The Royal College of Obstetricians and Gynaecologists (RCOG) will follow the debates about the Health and Social Care Bill during the Report stage with interest. Previously the RCOG made its views known in its briefing on the Government’s response to the Future Forum report. The RCOG’s position on the abortion amendments have also been published.
Elements of competition already exist in the NHS, most notably in Foundation Trusts. The challenge is to ensure that the NHS continues to deliver high quality care during a time of major reform and financial pressure. The RCOG, along with others including the Royal College of Nursing, Royal College of Paediatrics and Child Health, the King’s Fund and NHS Confederation believe that the reorganisation of hospitals is fundamental to ensuring that services remain safe and viable.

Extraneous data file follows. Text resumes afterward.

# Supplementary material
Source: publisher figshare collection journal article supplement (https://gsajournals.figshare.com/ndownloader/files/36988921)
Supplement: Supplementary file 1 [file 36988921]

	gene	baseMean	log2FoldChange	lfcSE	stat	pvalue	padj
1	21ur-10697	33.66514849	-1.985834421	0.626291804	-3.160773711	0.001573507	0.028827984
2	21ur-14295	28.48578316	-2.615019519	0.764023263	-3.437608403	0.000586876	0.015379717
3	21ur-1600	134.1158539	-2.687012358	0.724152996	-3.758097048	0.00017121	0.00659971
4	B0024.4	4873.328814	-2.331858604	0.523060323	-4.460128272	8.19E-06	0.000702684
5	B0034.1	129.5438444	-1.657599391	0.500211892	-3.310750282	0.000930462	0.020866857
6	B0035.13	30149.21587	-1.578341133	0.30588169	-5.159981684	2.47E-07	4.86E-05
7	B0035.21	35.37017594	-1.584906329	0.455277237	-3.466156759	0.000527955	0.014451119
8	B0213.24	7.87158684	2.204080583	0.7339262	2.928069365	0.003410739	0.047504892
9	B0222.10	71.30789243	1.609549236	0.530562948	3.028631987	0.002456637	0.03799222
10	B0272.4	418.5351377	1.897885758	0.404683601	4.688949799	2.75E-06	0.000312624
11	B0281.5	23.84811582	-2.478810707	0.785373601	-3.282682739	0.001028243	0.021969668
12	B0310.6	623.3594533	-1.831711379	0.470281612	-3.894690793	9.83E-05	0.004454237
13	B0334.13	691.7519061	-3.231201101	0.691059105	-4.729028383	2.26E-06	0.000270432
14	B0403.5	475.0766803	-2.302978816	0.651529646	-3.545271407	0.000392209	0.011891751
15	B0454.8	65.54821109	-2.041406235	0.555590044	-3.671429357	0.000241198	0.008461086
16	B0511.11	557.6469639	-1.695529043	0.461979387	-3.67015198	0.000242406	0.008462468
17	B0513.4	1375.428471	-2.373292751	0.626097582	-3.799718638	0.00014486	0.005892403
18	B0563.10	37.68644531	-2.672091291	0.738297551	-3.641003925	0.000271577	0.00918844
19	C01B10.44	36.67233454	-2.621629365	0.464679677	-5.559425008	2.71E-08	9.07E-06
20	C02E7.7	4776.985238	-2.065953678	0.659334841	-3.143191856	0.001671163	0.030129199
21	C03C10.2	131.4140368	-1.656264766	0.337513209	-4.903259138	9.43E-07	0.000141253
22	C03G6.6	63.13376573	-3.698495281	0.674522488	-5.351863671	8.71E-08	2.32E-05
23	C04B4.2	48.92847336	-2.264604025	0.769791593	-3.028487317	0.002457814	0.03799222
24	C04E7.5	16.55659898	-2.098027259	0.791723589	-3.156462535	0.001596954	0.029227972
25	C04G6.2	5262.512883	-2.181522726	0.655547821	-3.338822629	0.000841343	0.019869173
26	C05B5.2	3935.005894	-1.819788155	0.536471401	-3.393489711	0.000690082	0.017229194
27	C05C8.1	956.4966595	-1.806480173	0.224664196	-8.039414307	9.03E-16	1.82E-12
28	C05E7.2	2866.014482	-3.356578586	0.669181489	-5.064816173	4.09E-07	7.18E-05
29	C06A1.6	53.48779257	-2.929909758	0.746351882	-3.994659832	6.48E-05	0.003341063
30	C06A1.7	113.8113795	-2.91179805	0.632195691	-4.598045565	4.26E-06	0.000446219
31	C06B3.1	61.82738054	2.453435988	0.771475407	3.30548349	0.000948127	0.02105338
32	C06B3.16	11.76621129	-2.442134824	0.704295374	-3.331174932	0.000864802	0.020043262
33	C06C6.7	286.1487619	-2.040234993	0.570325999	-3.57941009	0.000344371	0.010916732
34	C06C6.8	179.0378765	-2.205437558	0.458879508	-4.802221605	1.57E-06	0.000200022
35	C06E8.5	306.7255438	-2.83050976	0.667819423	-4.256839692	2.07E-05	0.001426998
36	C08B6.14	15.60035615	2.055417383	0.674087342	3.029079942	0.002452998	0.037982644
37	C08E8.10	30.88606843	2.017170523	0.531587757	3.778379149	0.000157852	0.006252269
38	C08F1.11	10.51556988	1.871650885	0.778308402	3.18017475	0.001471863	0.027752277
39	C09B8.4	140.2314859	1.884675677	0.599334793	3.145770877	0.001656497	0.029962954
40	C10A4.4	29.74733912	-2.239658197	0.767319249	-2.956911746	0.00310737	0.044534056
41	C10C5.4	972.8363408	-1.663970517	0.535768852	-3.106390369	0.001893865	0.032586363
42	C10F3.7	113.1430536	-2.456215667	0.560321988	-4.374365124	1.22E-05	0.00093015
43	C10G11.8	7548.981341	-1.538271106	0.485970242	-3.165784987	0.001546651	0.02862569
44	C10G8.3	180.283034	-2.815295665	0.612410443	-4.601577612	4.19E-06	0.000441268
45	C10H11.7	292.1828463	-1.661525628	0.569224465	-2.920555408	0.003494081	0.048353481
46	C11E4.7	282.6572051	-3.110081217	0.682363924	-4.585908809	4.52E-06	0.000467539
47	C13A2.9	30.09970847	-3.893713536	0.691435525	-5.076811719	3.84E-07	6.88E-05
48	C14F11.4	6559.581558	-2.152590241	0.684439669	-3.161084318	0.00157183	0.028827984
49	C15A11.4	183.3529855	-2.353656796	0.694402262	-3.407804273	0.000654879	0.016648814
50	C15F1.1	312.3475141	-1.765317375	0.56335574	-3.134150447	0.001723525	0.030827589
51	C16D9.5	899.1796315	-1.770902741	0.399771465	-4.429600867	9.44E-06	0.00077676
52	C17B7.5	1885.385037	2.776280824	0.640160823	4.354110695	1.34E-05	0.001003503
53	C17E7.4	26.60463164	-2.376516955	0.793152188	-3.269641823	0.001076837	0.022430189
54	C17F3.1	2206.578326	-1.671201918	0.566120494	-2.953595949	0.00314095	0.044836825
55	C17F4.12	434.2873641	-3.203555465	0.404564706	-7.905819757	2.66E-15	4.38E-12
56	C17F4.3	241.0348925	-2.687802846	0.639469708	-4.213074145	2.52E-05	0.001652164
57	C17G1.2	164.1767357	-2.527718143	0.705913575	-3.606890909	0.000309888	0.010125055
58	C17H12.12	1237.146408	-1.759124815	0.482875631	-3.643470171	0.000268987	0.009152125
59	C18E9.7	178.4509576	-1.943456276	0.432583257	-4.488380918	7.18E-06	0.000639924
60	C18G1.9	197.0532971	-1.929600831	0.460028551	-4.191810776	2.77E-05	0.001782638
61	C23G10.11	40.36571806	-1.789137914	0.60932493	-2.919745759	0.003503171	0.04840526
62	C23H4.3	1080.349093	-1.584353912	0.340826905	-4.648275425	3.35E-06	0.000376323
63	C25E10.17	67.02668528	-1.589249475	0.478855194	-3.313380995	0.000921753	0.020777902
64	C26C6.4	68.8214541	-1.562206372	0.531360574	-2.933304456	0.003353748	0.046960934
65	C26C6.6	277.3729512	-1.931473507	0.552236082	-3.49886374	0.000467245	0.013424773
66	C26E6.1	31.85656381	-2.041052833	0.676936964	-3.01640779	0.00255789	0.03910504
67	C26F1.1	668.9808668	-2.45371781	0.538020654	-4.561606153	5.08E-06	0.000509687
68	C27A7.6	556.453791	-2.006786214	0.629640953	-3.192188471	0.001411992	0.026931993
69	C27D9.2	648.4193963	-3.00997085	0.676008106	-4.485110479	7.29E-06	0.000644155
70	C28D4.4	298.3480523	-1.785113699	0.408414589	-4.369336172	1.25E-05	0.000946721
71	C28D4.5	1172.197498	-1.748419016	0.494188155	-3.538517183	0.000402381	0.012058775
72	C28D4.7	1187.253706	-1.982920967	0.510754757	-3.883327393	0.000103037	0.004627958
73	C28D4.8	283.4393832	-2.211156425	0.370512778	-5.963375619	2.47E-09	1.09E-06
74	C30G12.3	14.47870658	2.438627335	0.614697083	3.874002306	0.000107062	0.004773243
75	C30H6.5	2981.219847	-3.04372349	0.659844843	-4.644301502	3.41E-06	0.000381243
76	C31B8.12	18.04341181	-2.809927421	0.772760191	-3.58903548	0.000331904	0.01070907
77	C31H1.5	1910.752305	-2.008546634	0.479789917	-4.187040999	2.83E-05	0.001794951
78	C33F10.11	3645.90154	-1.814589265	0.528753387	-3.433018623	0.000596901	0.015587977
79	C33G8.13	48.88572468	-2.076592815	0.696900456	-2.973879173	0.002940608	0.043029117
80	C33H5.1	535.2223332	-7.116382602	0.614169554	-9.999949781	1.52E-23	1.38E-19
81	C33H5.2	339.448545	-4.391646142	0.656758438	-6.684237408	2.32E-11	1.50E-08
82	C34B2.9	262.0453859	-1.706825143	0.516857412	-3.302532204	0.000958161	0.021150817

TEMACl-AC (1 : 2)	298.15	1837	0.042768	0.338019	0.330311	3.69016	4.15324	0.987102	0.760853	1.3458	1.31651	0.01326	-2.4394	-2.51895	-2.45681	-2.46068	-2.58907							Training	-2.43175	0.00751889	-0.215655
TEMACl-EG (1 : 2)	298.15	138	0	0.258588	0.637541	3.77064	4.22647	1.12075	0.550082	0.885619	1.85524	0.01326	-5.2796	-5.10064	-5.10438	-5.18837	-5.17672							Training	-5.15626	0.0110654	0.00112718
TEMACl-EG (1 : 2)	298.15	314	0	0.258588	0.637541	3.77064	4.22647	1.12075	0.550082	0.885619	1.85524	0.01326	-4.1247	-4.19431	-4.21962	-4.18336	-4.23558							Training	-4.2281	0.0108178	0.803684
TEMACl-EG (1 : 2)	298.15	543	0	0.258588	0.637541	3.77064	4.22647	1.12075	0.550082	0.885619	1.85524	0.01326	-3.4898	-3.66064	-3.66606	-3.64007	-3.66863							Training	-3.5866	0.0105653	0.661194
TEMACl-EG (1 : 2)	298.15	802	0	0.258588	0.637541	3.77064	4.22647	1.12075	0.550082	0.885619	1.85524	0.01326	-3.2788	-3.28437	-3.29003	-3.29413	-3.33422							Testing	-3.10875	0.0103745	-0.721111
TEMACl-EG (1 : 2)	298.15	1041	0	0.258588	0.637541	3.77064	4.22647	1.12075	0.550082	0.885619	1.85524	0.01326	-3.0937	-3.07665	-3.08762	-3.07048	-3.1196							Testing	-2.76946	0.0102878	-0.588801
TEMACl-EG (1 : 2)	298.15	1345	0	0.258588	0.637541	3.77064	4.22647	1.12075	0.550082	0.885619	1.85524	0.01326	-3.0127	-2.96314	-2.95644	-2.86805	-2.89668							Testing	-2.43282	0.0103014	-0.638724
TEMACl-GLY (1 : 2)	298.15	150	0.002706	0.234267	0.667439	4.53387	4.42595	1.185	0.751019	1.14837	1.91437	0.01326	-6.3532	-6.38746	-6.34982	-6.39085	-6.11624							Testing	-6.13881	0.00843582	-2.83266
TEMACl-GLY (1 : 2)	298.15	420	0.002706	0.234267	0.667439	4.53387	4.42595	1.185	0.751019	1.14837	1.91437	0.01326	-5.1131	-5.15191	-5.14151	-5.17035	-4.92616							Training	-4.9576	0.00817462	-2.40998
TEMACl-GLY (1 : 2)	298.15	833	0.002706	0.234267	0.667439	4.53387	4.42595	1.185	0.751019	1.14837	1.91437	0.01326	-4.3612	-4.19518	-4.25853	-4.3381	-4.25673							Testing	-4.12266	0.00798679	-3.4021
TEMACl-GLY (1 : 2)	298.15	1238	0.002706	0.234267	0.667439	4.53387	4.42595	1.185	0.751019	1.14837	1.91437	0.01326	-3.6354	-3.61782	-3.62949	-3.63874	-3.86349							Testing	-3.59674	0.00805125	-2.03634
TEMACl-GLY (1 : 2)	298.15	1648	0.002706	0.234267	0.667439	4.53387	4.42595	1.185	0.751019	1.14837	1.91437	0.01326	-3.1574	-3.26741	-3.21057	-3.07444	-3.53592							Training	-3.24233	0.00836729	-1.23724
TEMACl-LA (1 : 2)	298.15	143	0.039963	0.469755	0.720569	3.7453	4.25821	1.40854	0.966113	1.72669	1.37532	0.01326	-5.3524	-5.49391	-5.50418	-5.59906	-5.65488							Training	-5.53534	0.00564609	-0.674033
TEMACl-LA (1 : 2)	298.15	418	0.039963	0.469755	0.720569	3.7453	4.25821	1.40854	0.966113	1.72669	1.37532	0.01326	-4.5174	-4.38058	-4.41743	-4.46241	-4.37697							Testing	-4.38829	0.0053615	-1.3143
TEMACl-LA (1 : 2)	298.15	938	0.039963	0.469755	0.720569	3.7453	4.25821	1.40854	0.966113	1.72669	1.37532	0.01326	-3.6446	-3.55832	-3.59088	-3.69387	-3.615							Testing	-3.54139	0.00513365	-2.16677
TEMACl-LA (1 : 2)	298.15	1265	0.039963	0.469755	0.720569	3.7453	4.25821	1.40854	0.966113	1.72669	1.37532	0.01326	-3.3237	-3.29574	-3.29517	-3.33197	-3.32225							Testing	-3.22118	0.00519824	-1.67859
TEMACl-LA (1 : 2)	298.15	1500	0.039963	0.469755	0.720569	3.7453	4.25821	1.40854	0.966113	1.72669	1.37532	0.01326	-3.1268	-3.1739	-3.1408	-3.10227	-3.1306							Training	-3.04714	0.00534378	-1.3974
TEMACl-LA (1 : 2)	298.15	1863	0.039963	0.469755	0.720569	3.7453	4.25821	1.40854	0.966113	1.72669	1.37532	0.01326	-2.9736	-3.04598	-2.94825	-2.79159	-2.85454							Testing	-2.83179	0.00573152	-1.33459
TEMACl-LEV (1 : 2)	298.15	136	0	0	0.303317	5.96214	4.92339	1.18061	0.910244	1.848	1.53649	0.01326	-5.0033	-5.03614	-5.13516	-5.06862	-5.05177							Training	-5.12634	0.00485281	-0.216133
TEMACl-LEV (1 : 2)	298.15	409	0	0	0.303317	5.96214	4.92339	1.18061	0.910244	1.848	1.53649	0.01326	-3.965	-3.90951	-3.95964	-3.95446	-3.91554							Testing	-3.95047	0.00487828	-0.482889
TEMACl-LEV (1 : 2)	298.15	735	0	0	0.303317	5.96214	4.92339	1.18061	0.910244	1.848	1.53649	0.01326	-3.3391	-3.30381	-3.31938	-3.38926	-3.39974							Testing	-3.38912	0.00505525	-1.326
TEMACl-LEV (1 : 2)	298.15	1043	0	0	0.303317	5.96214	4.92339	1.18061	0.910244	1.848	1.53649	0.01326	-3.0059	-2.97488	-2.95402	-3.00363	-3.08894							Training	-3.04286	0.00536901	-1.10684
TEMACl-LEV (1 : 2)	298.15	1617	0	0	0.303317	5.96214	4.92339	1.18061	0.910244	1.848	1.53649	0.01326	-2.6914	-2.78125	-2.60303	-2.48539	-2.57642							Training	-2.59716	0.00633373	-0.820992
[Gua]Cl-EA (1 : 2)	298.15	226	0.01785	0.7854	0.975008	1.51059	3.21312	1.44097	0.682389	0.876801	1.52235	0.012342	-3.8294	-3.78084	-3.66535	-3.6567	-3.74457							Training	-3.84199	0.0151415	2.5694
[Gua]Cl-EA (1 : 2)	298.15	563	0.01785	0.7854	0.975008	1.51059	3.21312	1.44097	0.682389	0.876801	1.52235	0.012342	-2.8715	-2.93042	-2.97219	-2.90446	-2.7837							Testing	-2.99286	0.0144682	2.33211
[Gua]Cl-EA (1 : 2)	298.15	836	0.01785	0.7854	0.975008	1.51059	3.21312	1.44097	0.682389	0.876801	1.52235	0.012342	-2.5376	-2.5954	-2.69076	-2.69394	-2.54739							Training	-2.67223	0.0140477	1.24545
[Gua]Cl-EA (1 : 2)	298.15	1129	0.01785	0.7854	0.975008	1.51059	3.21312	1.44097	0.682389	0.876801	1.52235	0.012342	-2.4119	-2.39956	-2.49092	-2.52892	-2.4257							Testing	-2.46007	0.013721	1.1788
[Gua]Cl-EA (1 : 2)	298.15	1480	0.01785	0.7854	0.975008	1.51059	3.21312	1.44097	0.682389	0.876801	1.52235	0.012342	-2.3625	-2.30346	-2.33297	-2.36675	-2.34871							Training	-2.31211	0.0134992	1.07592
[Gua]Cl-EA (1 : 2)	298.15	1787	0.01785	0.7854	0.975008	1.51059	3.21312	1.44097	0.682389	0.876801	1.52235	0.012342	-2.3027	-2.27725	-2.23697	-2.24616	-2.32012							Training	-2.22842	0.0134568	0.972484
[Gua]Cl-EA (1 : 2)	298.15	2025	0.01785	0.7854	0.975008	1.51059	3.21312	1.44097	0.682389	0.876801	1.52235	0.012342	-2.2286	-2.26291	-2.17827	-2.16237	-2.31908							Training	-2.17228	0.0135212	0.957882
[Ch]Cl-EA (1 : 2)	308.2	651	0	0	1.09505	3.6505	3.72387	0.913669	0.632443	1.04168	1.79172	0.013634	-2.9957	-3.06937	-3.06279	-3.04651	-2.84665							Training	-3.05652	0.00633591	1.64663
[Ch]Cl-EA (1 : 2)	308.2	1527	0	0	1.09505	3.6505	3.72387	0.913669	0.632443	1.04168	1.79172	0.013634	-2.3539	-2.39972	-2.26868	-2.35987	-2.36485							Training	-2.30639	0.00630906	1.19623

Underpinning this reorganisation is the way services are structured. In its report High Quality Women's Health Care, the RCOG recommended that women’s health services are arranged within networks that are overseen by a national clinical lead. These networks would link maternity and gynaecology with other medical specialties so that women have access to the care and services they need throughout their lives.
RCOG President Dr Tony Falconer said “There is no doubt that change is needed in the NHS but change also brings with it uncertainty. We have effectively removed this element of uncertainty for the Government through our proposals to develop women’s health networks and joined-up care.
“Fundamental to the future success of the NHS is reorganisation since this offers better care and ensures that our health service is sustainable. Some ministers and politicians may find the prospect of relocating local services difficult but they must somehow grasp the nettle to ensure the long-term survival of an already stretched NHS.”